Riesling is a high acid wine, and for this reason, can be incredibly long-lived. Although the grapes ripen to high sugar levels, the wines produced can be quite low in alcohol. This is due to the fact that many producers leave a little residual sugar in the finished wine as a counterbalance to its bracing acidity. Many Rieslings from the Mosel area of Germany, for example, are often under 12% alcohol; some are even as low as 7 or 8%.

The charm of Riesling is in its kaleidoscope of flavors and aromas and the taste bud’s tantalizing play of acidity, sugar and fruit across the palate. Riesling, as a table wine, is a study in delicacy and nuance. Although full-flavored, the wines are seldom power-packed. The dessert Rieslings, however, are high-impact and world-renowned.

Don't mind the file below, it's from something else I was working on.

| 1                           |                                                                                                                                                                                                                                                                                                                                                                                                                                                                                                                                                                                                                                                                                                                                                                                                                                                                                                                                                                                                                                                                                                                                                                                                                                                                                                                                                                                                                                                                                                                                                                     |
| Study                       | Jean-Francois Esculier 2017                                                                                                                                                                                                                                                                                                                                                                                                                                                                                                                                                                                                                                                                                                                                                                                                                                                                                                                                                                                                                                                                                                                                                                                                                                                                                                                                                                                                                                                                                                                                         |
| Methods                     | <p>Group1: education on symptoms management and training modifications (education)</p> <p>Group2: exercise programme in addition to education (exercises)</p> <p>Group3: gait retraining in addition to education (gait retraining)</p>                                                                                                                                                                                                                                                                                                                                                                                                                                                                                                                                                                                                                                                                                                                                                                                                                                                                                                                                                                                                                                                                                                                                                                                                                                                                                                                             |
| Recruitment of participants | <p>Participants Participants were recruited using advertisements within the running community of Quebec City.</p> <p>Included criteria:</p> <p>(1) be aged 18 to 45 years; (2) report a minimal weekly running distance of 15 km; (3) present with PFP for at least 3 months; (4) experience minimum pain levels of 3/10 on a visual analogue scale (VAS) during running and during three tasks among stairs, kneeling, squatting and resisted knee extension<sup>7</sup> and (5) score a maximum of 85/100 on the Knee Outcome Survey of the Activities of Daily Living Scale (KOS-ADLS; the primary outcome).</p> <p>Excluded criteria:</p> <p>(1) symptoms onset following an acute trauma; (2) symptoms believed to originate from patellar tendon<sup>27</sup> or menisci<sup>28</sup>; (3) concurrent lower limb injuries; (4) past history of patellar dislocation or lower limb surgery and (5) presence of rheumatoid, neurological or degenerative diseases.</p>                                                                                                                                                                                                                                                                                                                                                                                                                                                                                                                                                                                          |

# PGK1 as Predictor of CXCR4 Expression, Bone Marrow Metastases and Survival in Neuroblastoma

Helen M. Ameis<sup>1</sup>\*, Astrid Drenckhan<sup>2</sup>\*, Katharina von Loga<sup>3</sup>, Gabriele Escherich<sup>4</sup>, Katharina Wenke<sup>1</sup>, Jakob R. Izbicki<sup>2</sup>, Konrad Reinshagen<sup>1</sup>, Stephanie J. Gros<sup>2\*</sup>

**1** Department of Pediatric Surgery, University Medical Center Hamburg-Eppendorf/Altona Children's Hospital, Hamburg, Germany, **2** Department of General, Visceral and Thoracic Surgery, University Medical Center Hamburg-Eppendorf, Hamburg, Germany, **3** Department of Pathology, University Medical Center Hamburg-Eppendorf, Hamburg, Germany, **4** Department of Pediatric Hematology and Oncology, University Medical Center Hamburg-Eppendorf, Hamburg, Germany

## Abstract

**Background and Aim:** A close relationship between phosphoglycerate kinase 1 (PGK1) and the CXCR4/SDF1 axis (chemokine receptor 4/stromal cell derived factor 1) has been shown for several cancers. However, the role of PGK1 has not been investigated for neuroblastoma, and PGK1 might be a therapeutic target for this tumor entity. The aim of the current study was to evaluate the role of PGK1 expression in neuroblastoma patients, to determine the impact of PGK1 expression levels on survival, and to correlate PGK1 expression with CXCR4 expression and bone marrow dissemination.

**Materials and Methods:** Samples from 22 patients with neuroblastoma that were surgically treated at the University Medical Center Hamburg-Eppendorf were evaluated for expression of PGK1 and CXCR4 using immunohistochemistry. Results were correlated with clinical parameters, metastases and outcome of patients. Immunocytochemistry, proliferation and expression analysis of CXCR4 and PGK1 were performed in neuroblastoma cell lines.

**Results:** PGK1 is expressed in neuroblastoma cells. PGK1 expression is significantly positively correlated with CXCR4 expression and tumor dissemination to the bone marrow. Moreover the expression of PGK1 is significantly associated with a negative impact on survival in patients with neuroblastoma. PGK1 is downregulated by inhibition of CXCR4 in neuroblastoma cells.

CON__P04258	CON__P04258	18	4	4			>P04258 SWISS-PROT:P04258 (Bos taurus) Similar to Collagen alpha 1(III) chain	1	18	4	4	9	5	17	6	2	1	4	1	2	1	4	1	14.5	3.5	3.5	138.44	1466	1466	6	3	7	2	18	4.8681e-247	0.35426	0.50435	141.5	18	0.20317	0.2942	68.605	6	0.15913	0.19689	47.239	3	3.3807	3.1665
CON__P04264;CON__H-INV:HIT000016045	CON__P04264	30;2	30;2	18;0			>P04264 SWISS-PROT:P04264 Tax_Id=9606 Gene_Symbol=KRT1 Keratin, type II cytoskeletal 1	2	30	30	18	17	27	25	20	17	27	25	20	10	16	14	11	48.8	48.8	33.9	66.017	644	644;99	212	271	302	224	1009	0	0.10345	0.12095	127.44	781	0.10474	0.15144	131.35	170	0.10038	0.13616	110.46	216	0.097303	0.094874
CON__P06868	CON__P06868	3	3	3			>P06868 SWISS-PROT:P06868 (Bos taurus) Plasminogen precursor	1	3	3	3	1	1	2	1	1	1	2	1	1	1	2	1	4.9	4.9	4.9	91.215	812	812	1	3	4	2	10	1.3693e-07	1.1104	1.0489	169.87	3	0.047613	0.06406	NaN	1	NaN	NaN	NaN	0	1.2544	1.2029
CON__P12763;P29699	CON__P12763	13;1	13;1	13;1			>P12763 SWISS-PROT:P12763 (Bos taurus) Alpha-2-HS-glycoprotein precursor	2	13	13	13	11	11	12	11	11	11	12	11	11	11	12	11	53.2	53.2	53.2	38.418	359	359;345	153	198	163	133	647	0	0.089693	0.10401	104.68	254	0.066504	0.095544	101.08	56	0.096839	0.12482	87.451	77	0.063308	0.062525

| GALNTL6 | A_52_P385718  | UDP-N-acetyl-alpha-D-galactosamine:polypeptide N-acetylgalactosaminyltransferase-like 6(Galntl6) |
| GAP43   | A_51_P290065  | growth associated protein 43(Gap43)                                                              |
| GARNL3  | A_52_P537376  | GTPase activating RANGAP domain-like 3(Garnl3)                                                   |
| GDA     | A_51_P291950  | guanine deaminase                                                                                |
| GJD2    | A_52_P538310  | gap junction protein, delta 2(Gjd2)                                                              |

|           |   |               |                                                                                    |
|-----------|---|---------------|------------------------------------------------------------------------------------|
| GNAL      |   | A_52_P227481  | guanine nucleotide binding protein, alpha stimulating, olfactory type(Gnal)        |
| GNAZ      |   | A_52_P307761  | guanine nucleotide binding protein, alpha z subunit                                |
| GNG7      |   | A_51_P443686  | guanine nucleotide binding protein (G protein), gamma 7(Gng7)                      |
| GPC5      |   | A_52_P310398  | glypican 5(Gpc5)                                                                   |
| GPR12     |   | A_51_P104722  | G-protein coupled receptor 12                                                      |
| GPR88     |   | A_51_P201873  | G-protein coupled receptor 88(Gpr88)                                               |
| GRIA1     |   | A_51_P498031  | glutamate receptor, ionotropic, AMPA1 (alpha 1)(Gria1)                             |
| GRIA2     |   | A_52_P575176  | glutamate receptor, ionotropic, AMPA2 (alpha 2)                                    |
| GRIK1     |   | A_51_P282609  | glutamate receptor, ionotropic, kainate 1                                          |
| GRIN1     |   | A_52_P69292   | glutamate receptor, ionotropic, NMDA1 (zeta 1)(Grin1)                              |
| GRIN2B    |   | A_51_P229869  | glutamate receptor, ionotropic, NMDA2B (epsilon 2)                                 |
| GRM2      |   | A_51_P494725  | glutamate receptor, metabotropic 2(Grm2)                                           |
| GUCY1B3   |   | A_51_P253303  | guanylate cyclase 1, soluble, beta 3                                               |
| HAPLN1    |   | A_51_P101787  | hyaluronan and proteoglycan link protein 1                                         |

Riesling is the preeminent grape variety in Germany and is an important grape in Austria and Alsace, France as well. New Zealand and Australia are making fine examples of this wine in cool-climate areas, as is the USA and Canada.

But there are many grapes world over that masquerade as Riesling. Only White Riesling or Johannisberg Riesling are synonyms for true Riesling. For example: